Carissa Andrews is a Multipassionate MN Entrepreneur, Sci-fi Author, freelance writer, graphic designer and artist, unapologetic progressive, Lightworker, truthsayer, and occasional badass.

Her YA science fiction novel Pendomus, is available now through Amazon. Polarities, Book 2 of the Pendomus Chronicles, and Revolutions, Book 3 of the Pendomus Chronicles are set to be released at the end of 2017! Stay tuned for release dates!

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  • Reply Kathleen Krueger May 24, 2017 at 2:20 pm

    I love philosophical discussions. This is right up my alley (or my street as they say in some parts of the world). “Good” is a very subjective word. Can a person actually be “good” or “bad,” or is it only their actions, motives and thoughts that can be judged in such a way? And regardless, the definition of good or bad will always be based on the point of view of the one making the judgment, whether it is you judging yourself or someone judging another person or their actions.

    Wholeness is a whole different idea and one that is not as prevalent in our society or in many cultures. It is one that is not easy to define and really can only be defined by an individual’s introspection of their own person.

    Regardless of your definition of “good,” I believe it is much easier to be good if you are whole. My definition of good comes from the universal standards of “love your neighbor as yourself” and “do unto others as you would have them do to you” though I believe these are to begin in the motivations of the heart and not just in physical actions. Are “good” deeds done with wrong or impure motives actually good? Another philosophical question that can take you around in circles. Thanks for stirring my brain, Carissa.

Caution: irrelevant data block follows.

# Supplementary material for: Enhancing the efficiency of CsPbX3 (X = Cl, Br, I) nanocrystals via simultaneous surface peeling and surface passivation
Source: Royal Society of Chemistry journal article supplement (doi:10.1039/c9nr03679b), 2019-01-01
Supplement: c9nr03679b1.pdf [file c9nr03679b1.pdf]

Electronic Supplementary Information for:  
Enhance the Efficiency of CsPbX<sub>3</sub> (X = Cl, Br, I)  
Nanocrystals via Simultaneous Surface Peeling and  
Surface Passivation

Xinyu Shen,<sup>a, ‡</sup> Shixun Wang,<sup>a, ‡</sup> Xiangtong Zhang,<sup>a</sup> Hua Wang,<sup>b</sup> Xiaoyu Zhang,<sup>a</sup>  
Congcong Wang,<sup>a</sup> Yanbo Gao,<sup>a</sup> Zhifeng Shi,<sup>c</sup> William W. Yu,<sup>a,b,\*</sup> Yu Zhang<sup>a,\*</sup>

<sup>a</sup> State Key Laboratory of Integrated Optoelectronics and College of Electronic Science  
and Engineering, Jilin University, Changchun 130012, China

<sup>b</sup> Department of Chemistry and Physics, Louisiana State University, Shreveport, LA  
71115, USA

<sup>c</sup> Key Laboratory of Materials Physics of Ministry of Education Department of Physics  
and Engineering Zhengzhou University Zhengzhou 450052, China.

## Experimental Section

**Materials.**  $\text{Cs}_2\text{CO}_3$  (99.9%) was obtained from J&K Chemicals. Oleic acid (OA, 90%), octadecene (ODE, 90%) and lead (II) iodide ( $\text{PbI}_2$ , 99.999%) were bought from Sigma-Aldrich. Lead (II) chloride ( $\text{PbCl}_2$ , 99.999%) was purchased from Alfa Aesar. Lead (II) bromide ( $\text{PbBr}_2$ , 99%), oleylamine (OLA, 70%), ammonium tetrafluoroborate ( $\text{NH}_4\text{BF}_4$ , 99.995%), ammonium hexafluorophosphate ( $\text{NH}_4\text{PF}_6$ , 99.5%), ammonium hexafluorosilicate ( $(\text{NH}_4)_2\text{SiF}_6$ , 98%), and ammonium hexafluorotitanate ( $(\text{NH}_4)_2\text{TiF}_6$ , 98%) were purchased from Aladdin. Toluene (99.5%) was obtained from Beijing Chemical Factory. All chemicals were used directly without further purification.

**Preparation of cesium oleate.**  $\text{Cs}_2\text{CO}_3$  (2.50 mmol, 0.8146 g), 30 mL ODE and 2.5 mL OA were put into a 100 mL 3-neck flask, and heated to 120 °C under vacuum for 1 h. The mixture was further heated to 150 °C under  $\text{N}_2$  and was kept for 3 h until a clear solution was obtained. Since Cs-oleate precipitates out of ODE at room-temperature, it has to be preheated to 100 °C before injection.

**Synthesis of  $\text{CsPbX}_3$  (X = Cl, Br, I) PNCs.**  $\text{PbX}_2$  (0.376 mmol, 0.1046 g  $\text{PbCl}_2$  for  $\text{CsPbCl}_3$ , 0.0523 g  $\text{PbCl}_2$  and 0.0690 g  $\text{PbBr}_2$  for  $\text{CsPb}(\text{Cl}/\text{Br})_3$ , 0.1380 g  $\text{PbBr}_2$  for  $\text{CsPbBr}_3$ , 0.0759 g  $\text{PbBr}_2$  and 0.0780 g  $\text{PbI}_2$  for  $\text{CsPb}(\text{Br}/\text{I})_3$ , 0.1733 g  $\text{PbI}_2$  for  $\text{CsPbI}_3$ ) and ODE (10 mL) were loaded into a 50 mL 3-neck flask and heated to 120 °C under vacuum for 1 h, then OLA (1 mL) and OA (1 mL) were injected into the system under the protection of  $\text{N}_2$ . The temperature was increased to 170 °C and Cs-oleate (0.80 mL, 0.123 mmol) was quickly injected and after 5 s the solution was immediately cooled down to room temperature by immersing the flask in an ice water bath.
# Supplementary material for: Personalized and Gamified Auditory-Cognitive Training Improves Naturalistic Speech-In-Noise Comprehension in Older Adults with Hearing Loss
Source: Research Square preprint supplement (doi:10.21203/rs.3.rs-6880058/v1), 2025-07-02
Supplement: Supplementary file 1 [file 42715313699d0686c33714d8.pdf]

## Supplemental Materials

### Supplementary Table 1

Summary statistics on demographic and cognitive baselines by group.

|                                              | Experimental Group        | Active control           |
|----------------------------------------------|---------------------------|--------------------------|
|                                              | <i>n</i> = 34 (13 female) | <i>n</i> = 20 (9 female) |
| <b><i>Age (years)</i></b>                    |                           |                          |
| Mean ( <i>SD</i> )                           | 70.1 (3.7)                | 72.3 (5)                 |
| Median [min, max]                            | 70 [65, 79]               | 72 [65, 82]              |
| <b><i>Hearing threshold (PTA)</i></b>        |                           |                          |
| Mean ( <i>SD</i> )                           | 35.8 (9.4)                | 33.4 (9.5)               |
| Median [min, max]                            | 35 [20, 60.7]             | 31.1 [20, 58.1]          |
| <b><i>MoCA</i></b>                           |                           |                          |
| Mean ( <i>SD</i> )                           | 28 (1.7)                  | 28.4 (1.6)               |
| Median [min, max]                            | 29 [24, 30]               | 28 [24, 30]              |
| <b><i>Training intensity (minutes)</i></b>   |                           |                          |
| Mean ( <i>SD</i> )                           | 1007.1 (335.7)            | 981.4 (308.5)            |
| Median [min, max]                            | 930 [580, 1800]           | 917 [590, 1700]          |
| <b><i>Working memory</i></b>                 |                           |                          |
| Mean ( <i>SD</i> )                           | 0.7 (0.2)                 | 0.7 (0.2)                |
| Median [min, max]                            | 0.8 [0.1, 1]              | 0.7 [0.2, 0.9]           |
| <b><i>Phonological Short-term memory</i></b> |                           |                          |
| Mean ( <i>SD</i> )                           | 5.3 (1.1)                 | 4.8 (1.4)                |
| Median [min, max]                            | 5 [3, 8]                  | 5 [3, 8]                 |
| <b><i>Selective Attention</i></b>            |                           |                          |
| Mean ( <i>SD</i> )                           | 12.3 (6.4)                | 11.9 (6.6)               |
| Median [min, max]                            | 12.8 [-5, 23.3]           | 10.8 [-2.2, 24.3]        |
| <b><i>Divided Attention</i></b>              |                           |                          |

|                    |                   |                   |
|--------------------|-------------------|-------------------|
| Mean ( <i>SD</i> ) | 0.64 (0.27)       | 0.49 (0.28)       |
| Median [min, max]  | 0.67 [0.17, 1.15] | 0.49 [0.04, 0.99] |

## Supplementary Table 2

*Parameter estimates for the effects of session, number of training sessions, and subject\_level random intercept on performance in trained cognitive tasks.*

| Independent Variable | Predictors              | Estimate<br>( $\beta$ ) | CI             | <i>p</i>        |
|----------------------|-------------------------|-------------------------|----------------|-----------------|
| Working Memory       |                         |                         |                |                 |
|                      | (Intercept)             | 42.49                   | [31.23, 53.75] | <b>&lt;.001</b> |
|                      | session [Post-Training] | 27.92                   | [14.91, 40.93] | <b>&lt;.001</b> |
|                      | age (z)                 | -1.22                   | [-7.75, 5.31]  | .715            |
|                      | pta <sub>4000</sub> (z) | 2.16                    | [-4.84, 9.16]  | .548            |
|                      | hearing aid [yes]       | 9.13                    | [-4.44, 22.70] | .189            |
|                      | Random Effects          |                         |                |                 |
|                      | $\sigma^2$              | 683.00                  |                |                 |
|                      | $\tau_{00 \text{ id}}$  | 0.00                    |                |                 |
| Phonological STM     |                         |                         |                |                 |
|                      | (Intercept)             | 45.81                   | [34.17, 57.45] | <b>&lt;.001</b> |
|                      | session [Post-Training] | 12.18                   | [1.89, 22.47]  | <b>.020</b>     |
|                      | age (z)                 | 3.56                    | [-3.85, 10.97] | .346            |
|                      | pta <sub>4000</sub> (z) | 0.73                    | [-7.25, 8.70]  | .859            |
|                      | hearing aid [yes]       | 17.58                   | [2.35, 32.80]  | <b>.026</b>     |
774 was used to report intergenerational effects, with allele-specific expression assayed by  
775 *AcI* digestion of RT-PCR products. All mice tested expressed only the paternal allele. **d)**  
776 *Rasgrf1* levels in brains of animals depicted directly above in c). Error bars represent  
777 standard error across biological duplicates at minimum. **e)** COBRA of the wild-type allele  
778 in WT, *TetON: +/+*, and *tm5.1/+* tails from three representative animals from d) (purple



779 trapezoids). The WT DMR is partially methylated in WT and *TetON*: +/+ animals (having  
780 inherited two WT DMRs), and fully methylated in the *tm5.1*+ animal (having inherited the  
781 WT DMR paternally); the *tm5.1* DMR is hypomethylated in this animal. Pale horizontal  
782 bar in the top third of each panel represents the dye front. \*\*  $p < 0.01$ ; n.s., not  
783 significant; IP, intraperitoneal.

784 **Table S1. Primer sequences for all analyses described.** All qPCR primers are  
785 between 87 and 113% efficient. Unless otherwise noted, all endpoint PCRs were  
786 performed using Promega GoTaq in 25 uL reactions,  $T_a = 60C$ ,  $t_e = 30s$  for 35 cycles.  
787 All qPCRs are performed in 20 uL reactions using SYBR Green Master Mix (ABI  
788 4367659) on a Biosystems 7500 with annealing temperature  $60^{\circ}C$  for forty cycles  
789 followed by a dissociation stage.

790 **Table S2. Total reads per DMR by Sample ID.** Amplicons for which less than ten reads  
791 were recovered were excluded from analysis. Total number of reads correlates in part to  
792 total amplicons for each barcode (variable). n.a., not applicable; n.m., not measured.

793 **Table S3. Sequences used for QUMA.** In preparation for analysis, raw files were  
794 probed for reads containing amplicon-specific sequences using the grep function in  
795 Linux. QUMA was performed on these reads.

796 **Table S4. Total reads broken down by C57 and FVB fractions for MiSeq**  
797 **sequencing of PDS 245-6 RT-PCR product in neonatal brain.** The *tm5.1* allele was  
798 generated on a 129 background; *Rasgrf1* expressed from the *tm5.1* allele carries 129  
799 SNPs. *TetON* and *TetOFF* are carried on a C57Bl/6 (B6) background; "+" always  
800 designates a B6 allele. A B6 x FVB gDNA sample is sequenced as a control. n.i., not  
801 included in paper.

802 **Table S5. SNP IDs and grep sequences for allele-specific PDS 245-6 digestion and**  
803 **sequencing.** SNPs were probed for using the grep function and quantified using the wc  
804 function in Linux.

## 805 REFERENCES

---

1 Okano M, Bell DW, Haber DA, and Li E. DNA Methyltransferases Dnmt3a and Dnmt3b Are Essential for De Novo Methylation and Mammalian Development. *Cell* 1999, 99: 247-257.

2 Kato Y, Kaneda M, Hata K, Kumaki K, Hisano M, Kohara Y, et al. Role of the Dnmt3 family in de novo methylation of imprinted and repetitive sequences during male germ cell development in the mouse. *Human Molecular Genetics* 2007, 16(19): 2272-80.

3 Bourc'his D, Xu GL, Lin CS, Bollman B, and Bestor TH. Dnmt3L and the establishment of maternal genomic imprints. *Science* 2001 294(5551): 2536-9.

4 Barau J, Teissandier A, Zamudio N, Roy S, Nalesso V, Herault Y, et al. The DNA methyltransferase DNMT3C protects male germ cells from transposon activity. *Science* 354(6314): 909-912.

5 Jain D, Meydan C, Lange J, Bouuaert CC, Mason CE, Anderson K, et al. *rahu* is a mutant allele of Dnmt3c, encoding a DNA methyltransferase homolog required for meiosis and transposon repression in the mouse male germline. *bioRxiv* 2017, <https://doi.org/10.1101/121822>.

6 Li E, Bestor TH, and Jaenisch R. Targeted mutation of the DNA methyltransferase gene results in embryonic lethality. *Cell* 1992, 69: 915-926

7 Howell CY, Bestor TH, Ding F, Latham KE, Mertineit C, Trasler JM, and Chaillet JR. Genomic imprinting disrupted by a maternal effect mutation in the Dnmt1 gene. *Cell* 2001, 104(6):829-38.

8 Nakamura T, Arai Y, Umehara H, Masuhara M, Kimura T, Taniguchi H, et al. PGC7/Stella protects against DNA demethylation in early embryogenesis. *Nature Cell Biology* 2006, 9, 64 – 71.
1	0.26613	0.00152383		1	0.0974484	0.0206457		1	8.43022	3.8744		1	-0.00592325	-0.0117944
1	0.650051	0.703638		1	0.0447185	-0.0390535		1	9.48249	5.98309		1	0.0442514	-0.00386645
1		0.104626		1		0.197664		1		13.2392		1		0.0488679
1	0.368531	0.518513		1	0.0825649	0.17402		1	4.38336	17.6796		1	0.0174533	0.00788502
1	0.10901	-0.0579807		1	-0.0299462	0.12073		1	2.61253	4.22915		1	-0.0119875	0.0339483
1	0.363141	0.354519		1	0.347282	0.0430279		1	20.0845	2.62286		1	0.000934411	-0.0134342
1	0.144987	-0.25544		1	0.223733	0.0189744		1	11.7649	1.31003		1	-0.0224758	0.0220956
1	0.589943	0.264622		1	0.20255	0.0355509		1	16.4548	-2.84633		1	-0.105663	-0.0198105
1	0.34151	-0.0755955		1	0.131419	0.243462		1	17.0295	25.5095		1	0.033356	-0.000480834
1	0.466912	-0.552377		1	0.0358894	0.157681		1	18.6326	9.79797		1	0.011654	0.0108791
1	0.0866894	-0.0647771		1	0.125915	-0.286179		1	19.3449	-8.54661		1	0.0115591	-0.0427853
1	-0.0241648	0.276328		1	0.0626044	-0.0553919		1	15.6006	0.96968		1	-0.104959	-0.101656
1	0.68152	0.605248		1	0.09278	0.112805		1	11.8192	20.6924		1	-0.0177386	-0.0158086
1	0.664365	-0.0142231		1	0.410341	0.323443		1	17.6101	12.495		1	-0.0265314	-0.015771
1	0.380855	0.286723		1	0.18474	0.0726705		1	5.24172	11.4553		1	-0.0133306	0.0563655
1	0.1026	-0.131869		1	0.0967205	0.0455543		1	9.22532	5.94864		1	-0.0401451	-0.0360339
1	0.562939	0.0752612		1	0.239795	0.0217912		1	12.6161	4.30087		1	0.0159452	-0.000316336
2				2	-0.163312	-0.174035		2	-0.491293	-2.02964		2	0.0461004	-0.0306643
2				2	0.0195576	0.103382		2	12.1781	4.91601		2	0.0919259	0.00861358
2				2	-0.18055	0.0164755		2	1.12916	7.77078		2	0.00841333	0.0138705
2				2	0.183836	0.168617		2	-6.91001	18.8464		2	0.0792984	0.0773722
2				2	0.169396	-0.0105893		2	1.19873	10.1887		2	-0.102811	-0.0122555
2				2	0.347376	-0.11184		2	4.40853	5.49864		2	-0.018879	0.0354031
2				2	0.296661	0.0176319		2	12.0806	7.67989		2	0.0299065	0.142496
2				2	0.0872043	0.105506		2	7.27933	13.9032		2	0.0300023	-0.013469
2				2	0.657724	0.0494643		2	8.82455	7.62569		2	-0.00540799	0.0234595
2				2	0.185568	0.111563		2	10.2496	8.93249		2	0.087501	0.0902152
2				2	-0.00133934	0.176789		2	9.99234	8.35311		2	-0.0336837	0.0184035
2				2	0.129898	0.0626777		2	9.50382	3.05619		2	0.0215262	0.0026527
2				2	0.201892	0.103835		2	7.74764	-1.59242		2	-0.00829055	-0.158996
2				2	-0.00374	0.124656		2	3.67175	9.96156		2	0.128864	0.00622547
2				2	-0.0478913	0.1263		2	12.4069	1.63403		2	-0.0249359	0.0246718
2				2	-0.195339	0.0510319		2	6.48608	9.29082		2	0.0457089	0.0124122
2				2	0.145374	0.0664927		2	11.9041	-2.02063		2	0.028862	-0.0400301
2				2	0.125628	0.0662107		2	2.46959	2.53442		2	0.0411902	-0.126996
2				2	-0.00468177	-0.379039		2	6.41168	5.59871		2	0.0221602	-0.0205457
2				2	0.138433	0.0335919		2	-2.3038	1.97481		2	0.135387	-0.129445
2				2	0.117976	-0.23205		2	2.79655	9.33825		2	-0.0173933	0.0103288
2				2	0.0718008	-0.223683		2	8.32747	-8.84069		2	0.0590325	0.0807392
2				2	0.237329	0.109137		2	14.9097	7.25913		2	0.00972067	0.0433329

• Reply Carissa Andrews May 24, 2017 at 2:39 pm

      Thank you so much for your insight, Kathy. I also love philosophical discussions. They make us dig a little deeper. 🙂 This is something that’s clearly been on my mind for a while, and I don’t think it will go away any time soon. To me, striving to be the best version of myself, whatever that may be, is the goal. I’ve done the societal “good” for a long time, and often found myself walked over because of it. Not to say that a person can’t give of themselves, but they should do so without the worry or expectation of the result. When I was younger, I did “good” in the hopes of someone validating it. But I realized as I got older, that people just expect that of you as part of who you are. So if it doesn’t feel good to me to “good” (because I was doing it out of obligation or thought that’s what was expected of me) – then I was no longer going to embrace that as part of who I am. Does that make sense?

  • Reply Kathleen Krueger May 25, 2017 at 8:32 am

    Yes, Carissa. It comes down to the motivation behind your actions. Giving to gain something in return, even if it is a thank you, some kind of appreciation from the recipient or to elevate yourself in the eyes of others, includes a selfish motive. Giving of your time, your concern or your resources is your choice. If you can do so without expectation, it is truly a gift and you can shrug your shoulders if the recipient wastes it or if you never know whether any benefit was realized by your generosity.

    At the same time, there are things I do because I know it will please someone else. The key there is to remember that it is my choice, not an obligation. I do it because I care about the other person and am willing to sacrifice on their behalf. If the other person tries to take advantage of that, it is my own fault if I let them do so. We choose who is allowed to exercise control over us.

    • Reply Carissa Andrews May 25, 2017 at 11:19 am

      I agree! As we become more self-aware, the “taking advantage” becomes (well, always was, but is more obvious) our own doing. Having and exercising good boundaries becomes crucial. But when we give of ourselves because we want to, without reciprocation, that’s a true form of “goodness.” 🙂